Religion In Galileo's Daughter

2273 Words 10 Pages
In Galileo’s Daughter, Dava Sobel assembles an account of Galileo’s attempt to prove the heliocentric model of the universe in a world where mans’ logical reasoning is potent, yet second to his devotion to God, and by relation, the Catholic Church. Sobel writes about Galileo’s tendency to question the reasoning of those around him. Though it may not be apparent, Galileo was born into a world of great similarity to the modern day. In Galileo’s time, Science was seen as blasphemy and a tool to undermine the construct of God. Moreover, it didn’t help matters that at the time, the Church was the governing body throughout Italy. This made it particularly difficult for scientific advancement, as any theory that suggested conflict with religious teaching …show more content…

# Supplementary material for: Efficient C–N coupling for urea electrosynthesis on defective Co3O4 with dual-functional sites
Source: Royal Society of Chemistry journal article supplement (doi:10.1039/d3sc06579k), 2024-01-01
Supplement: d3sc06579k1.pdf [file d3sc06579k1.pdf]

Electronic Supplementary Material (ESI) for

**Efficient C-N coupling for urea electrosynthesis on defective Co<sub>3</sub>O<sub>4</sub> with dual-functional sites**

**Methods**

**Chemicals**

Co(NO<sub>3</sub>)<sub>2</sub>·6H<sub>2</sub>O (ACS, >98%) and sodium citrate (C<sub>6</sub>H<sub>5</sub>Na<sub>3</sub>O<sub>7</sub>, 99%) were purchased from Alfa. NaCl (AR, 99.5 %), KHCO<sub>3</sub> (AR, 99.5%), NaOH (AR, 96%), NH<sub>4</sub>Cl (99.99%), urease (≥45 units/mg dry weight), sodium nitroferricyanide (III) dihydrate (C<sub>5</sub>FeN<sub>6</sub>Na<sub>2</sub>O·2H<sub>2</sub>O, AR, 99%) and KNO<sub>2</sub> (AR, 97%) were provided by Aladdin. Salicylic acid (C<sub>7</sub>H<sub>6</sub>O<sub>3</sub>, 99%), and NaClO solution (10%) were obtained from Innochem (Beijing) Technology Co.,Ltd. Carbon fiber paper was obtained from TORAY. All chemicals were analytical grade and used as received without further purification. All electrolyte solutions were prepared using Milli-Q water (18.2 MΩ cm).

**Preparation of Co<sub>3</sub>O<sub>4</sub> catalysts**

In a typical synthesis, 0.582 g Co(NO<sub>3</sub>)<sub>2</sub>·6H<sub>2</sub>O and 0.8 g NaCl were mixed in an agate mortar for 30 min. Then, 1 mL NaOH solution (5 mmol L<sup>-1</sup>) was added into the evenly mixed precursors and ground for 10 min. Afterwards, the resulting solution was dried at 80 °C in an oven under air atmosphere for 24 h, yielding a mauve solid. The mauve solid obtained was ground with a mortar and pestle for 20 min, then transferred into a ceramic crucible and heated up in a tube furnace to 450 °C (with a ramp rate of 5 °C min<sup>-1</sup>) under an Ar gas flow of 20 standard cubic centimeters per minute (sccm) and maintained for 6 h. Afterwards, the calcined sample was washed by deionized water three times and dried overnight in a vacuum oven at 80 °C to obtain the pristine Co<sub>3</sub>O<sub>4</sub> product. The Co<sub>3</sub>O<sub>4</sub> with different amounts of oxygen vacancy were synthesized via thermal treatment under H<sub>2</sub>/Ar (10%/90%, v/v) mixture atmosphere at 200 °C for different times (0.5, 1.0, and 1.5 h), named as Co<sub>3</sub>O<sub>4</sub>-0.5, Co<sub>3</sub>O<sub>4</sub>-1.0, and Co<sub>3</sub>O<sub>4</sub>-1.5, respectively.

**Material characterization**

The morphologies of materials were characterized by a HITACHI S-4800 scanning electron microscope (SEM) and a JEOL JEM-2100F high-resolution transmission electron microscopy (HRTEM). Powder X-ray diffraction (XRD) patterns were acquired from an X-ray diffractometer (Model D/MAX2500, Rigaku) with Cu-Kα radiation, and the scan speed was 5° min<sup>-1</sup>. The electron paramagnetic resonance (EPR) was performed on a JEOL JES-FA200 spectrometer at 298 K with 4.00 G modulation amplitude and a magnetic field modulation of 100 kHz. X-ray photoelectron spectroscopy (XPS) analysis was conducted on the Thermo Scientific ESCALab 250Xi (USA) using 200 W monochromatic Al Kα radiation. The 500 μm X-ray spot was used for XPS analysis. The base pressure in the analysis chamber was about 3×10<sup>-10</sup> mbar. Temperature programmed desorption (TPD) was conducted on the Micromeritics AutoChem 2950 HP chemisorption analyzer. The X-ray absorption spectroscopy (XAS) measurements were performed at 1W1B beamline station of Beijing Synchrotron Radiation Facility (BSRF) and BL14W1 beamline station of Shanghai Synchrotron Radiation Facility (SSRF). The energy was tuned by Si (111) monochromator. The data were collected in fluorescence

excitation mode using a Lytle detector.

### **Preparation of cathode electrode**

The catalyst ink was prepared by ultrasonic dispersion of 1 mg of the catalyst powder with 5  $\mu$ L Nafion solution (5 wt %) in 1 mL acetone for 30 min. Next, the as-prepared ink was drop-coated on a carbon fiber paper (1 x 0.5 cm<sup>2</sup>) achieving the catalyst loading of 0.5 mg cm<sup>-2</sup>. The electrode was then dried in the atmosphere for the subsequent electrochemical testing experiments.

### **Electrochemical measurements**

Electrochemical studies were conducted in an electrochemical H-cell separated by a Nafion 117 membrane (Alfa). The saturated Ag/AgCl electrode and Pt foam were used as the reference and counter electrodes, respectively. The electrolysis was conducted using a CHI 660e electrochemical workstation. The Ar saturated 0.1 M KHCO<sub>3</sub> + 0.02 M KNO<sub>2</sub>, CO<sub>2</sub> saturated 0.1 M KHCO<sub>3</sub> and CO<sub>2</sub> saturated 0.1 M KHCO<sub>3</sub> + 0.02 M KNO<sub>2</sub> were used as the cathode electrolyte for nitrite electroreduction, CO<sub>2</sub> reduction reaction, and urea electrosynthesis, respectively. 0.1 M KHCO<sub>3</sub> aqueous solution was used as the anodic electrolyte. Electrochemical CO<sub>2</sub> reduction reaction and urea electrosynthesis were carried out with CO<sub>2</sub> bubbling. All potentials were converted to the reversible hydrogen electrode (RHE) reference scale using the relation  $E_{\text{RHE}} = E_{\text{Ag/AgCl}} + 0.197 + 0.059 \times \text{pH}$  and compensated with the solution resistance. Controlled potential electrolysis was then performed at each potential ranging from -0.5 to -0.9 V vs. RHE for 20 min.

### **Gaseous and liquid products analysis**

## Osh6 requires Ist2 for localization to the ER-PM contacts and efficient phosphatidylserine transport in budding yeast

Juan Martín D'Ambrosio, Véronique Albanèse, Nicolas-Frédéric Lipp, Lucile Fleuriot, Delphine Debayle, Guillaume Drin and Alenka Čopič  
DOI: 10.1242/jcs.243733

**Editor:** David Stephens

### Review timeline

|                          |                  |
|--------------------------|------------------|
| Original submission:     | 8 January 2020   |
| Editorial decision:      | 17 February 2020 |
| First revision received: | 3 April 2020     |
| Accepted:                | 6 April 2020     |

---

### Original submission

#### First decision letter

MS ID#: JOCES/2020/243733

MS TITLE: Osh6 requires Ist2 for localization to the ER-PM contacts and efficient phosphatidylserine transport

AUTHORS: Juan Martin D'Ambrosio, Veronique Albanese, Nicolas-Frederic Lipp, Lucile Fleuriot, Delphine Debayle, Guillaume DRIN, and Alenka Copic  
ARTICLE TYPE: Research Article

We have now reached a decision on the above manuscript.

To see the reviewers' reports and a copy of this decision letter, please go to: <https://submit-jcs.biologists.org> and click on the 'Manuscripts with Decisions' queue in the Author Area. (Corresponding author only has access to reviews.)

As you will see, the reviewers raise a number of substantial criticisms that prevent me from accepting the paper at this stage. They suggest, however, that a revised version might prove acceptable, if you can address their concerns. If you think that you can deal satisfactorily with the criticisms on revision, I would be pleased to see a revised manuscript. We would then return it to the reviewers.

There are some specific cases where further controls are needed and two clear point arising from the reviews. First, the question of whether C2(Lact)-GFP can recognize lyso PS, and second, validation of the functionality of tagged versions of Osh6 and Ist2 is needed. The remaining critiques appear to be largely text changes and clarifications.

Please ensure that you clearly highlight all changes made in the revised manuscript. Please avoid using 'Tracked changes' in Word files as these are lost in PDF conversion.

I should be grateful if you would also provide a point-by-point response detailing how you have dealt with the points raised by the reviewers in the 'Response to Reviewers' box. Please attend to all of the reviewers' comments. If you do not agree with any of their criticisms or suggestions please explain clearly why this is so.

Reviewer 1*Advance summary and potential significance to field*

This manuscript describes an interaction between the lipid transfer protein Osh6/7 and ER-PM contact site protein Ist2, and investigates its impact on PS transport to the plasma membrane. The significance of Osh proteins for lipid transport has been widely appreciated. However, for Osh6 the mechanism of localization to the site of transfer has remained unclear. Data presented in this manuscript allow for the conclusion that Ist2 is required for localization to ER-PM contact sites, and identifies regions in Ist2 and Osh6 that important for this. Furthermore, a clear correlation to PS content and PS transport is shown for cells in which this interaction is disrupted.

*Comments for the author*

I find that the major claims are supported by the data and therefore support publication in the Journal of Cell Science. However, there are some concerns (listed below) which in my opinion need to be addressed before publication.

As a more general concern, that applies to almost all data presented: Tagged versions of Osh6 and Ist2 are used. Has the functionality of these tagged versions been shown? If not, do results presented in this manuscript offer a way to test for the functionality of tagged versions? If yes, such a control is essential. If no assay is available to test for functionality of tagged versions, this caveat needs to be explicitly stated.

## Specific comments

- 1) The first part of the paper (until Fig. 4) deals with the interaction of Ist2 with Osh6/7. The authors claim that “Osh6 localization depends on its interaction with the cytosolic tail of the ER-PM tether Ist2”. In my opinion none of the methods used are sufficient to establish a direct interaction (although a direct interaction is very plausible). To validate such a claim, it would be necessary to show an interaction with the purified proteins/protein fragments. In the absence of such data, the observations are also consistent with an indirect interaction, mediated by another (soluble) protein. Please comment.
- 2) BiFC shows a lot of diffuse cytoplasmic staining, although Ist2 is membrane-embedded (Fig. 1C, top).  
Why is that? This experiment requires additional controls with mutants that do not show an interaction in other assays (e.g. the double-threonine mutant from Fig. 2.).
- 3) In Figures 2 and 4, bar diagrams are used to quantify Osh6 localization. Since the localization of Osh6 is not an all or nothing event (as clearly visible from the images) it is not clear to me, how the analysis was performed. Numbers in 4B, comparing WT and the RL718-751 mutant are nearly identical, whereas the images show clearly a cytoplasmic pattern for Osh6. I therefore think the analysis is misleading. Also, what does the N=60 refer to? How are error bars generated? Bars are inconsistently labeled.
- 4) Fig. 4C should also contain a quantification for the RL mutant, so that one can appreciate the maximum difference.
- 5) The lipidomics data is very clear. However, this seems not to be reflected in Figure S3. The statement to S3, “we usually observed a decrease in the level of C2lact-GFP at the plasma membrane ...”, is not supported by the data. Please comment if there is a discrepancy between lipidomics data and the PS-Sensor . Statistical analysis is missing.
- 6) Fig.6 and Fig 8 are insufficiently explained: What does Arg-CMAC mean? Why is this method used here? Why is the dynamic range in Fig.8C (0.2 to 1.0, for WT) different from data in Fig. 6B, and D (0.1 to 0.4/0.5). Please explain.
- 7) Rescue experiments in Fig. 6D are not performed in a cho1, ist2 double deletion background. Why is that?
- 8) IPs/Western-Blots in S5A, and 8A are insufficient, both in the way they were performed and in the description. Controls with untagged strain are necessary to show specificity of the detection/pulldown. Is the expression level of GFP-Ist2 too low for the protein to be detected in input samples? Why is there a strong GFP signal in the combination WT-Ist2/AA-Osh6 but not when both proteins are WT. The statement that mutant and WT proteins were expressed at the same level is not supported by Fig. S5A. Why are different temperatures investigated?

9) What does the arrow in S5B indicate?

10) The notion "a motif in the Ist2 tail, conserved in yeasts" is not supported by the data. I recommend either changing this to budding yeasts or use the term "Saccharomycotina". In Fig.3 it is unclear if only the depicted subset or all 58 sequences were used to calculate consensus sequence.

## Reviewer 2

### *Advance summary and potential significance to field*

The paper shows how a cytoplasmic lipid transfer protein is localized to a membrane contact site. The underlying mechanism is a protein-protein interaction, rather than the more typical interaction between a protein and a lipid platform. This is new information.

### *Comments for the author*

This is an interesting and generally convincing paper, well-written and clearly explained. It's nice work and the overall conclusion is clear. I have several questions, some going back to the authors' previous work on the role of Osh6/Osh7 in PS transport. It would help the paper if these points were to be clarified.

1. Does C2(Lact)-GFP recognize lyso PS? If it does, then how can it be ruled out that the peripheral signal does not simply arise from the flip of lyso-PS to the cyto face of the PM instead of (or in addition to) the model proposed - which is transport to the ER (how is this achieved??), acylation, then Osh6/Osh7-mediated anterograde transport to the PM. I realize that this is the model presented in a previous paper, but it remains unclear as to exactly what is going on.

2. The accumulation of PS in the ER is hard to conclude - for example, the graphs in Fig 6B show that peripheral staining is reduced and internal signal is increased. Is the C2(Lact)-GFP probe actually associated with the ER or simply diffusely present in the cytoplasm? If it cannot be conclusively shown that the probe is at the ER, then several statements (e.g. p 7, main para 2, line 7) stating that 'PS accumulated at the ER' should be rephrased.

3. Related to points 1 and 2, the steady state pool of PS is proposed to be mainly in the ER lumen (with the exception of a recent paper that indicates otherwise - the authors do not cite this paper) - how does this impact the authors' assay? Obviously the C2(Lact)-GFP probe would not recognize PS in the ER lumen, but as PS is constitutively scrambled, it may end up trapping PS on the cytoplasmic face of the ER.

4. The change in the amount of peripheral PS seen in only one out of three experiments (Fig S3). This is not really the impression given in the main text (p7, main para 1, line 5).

Theodore Schick’s book, Doing Philosophy, identifies the relationship between logical reasoning and the origin of religion. Throughout history, there have been particular instances when this problem of religious dispute has come to face particularly large amounts of consideration. In essence, it is during these times of great change in widespread understanding, such as during the Roman Inquisition; an age chronicled in Dava Sobel’s, Galileo’s Daughter, that this annoyance becomes a significant problem for humanity. Evidently, the institution of religion is so deeply integrated into human social behavior, that many have come to accept it as fact. Given that, it must be understood that religion is an outdated establishment created to explain what could not previously be understood. Markedly, in this establishment, we sacrifice the truth within our understanding in exchange for a wider scope of explanation. Consequently, this breeds an interpretation of reality that expresses a less than real understanding of the world. This becomes problematic when such beliefs become so widely held that one can misappropriate them to discount factual evidence. Under no circumstance are we justified to partake in the practice exhibited in Galileo’s Daughter, in which the Church denounces the validity of worldly observations, on the ground that it conflicts with the doctrine of its religious

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